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September 30 2022
Results from a large trial of older adults in the U.S. were recently published in BMJ, detailing the outcome of a 5-year study evaluating the use of s...
A recent case report of ketoacidosis in an individual taking a sodium-glucose cotransporter-2 inhibitor (SGLT2i) medication while following a ketogenic diet highlights the possibility for developing ketoacidosis when these two therapies are combined. As explained in a previous article, nutritional ketosis induced via a very low carbohydrate intake is different from diabetic ketoacidosis. However, practitioners should be aware of the dangers of introducing an SGLT2i in someone following a ketogenic diet, or of encouraging adoption of a keto diet in someone taking an SGLT2i if the medication is not deprescribed.
The situation detailed in Clinical Medicine Insights: Case Reports involved a 58-year-old male with hypertension and non-insulin dependent type 2 diabetes. He presented to the hospital after two days of generalized weakness, fatigue, confusion and slurred speech. His blood glucose was 373 mg/dL and blood beta-hydroxybutyrate (BOHB) level concentration was 9.8 mmol/L. (The normal range for the latter in an individual not following a ketogenic diet is approximately 0.0-0.3 mmol/L. A ketogenic diet typically results in BOHB levels < 5.0 mmol/L and even an extended fast would typically not result in BOHB > 7.0 mmol/L.) Various other measurements confirmed acidemia and diabetic ketoacidosis (DKA).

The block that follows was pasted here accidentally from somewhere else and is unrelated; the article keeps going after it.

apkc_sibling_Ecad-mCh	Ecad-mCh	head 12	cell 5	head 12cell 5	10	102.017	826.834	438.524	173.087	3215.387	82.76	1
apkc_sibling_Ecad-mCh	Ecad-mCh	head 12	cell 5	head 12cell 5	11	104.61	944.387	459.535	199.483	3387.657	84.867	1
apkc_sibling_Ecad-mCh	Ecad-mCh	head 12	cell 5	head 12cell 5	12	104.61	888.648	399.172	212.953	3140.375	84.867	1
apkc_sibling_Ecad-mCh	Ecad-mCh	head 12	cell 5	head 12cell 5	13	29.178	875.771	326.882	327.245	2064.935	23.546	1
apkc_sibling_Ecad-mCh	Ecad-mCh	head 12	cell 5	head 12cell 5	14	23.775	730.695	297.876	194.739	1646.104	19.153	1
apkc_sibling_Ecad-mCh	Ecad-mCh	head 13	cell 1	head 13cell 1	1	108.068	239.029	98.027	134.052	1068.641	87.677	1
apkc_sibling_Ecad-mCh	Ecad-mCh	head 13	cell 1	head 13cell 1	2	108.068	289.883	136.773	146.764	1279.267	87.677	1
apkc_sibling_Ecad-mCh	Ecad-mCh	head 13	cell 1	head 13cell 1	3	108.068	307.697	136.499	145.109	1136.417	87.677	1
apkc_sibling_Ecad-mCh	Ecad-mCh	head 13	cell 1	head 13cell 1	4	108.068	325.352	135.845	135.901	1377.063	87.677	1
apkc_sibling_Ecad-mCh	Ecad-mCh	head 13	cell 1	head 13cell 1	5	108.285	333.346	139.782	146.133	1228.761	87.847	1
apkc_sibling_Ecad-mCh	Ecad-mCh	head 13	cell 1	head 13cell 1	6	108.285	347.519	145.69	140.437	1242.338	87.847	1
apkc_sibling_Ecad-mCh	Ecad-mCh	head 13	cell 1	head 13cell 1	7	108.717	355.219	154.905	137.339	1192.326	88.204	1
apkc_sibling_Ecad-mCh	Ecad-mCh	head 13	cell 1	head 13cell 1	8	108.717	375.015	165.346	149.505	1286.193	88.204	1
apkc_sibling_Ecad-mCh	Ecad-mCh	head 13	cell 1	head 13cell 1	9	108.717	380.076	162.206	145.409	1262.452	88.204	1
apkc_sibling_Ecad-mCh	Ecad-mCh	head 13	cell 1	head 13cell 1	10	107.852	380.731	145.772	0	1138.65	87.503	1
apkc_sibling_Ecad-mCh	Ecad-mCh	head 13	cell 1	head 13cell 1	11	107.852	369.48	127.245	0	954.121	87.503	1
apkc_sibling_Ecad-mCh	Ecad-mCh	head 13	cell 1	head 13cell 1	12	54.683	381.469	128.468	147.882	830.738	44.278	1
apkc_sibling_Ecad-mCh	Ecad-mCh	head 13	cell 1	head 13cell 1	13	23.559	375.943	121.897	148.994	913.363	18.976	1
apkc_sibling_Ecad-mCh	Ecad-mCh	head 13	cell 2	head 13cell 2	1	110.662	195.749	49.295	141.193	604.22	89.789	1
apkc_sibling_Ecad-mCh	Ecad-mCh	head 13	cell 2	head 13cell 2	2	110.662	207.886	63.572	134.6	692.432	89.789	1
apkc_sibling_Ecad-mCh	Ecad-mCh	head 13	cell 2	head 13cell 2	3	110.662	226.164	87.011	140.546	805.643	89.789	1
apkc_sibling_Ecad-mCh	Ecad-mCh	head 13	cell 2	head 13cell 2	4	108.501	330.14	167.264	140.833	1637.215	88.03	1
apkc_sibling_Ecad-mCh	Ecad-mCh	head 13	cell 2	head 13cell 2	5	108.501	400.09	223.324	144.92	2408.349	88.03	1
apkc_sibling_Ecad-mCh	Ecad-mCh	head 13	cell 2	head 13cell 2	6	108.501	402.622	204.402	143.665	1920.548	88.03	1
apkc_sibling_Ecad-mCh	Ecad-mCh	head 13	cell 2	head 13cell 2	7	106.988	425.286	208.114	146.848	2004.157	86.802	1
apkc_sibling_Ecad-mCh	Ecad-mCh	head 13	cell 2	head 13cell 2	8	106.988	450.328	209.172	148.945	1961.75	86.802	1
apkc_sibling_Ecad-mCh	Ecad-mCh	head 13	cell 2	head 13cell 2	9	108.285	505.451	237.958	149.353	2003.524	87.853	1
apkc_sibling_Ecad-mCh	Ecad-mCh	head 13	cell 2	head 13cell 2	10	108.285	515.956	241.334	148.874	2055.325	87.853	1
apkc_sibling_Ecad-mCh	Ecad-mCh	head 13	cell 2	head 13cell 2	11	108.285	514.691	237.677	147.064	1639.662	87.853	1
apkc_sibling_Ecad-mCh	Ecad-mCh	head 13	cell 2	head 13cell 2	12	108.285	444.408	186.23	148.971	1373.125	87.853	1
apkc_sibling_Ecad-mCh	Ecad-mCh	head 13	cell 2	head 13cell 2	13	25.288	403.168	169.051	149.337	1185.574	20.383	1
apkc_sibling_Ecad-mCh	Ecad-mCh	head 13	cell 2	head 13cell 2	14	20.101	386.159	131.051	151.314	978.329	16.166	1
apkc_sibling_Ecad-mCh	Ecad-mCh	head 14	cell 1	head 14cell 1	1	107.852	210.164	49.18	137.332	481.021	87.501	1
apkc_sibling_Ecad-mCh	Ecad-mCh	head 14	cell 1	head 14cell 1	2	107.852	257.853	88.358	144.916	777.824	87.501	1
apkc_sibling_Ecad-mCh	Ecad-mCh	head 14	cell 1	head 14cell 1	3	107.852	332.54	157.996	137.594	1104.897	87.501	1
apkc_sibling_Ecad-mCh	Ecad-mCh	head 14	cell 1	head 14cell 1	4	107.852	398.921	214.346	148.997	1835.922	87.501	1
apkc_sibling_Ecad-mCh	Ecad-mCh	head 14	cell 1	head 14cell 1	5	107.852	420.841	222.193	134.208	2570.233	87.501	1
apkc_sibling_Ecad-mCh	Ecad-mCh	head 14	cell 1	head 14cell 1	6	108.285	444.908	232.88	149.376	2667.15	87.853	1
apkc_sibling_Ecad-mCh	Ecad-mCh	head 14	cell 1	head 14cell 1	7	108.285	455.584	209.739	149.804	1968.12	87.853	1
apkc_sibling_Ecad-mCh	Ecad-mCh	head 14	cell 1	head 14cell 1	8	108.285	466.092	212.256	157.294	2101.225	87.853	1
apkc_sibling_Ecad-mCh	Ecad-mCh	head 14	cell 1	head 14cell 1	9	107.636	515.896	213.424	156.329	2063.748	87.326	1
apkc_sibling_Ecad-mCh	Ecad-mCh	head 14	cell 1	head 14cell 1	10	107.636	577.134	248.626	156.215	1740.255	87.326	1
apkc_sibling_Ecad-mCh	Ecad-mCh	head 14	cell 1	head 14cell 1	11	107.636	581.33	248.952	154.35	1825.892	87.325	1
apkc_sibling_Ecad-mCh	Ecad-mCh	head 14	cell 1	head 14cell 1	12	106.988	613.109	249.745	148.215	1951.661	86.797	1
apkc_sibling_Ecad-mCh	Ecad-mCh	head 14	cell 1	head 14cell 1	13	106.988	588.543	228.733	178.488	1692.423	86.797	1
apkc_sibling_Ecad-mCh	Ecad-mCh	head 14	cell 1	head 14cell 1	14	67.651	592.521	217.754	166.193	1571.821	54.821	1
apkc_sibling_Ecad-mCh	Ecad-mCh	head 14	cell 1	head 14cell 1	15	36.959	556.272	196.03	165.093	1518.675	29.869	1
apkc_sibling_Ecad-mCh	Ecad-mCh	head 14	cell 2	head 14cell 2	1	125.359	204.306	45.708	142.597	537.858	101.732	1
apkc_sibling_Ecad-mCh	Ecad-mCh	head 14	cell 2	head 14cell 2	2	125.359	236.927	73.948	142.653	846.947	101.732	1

It's important to emphasize that ketogenic diets, by themselves, do not induce ketoacidosis, and there have been numerous reports of ketoacidosis in patients using SGLT2i medications not in conjunction with low-carb or keto diets, so this risk is not limited solely to those following such diets. Something else to be aware of is that it may present as euglycemic ketoacidosis, so the signs and symptoms of DKA may be present even glucose is normal or only slightly elevated, which could delay diagnosis.
It is not a ketogenic diet, by itself, that induces acidosis, but rather, use of SGLT2i medication in conjunction with carbohydrate restriction. (See examples here and here.) It’s not known for certain what the mechanism is by which these drugs induce ketoacidosis, but it may be that they cause the kidneys to reabsorb ketone bodies, and they also increase glucagon secretion while decreasing insulin secretion, which would stimulate breaking down fat and raising ketones. (And again, there have been reports of DKA induced by SGLT2is in patients not following low-carb diets.)
The patient in this recent case report “was educated on the importance of avoiding a ketogenic diet and intermittent fasting while on an SGLT-2 inhibitor.” However, considering the impressive efficacy of carbohydrate restriction on improving or even reversing type 2 diabetes, for some patients it may be prudent to take the opposite approach: “prescribe” a very low-carb diet and avoid the medication. Indeed, physicians who employ low-carb or ketogenic diets for patients with type 2 diabetes typically discontinue or deprescribe SGLT2is “early on” or “immediately” upon adoption of such dietary therapy in order to prevent ketoacidosis.